Season Three of HBO’s therapy verite series is now airing, so of course I am glued to the tube. The show grants us a fly-on-the-wall view of their therapy sessions in almost real time, combining voyeurism with discounted psychological insight. This season’s analysands are especially engrossing. Jesse, the promiscuous, talented gay teen; Frances, the narcissistic mid-career actress; and Sunil, the postcolonial melancholic, who is brought into therapy by his distracted adult son and his shrewish daughter-in-law, who treat him like a recalcitrant puppy and Paul Weston, the series’ resident shrink, like the Creepy Foreign Parent Whisperer.
November 1, 2010
Sunil is played by Irrfan Khan, a Bollywood character actor who has lately added roles in films by Danny Boyle and Wes Anderson to his resume. Sunil, having lost his wife and been recently made redundant, is brought from Calcutta to New York to live in his children’s spare room, at least until the new baby comes along, after which he will be consigned to the basement. He has stopped eating or communicating, is “scaring the children,” and is, in the considered opinion of his children, grieving inappropriately long for his wife, who, after all, died six whole months ago.
So far, the show throws in every first-generation immigrant narrative trope: the long-suffering non-Western parents; the aspirational child’s rejection of their culture in choosing a Western spouse and casting off their given name; their prohibiting their own children from learning the mother tongue which, like the grandparent him or herself, becomes to seem alien and unheimlich. The postcolonial melancholic arrives, in other words, pre-interpreted by the ready clichés with which we garland him. He is an irritant for who must be kept vestibular to our culture, either by a scornful “concern” for his wellbeing or, which is better but not by much, by an impatient and stereotyped insistence on “understanding” his plight in the most standardized terms possible.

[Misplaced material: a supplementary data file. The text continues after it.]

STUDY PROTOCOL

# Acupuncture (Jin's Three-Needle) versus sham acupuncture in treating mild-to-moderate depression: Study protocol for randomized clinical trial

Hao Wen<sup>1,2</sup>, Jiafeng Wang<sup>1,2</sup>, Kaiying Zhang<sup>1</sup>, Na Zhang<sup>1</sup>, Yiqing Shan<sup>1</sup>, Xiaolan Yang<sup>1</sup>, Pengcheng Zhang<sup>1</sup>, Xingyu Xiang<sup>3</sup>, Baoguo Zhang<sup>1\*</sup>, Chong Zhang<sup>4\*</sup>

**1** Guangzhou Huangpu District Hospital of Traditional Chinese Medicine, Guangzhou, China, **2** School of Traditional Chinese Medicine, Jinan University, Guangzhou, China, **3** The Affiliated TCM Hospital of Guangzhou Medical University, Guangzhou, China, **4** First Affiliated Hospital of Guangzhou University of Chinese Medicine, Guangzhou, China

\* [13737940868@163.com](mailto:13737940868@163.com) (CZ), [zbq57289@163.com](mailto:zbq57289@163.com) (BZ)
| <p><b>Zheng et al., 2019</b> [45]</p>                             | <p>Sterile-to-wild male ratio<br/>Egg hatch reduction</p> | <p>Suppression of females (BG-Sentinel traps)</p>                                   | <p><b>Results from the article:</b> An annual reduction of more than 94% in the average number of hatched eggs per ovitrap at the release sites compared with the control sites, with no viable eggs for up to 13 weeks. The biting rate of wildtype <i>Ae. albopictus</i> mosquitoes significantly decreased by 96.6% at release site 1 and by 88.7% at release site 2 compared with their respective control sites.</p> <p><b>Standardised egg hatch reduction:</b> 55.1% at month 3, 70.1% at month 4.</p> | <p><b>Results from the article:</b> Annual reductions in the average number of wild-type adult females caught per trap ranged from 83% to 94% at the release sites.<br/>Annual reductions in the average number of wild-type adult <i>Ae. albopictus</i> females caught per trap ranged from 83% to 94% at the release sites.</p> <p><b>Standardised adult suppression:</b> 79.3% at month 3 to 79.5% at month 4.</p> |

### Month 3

The modus operandi of In Treatment, however, is to set up such stereotypical scenarios, the better to disrupt them. At the end of the week, all that Paul has gotten from Sunil’s first session is that he mourns for his wife and his life back in Calcutta. While Paul is cast as the empathetic counterpart to the shrewish daughter-in-law and castrated son, this “insight,” I hope, will be proven premature by future events. Boiling down postcolonial melancholia to a simple casting out of a beloved paradise is far too simple. Sunil already supplies some clues as to undermine this othering which Paul, if he isn’t too preoccupied by his own woes, may choose to pay attention to. Unwilling to communicate to his son and daughter-in-law except in Bengali, Sunil effortlessly switches to the Queen’s English as soon as he is alone with Paul. As he does, he cleverly points out Paul’s own Irish accent, calling attention to their joint alienated belonging within the imperial tongue. Such “sly civility,” as Homi Bhabha called it, bespeaks a postcolonial ambivalence that cannot be contained by any romantic or nostalgic picture of an elsewhere and elsewhen to which he “truly” belongs.
At least initially, Sunil refuses the exoticism imposed upon him by his family in order to perform another, more rarified and sentimental exoticism: the husband unable to detach from his dutiful, loving wife. In the place of the exotic, simple therapeutic universalism. And in the world of divorces, loveless marriages, and throwaway kids that is the stuff out of which In Treatment is made, such a union is indeed the ultimate fantasy. Let us see how and whether it proves also to be a lure.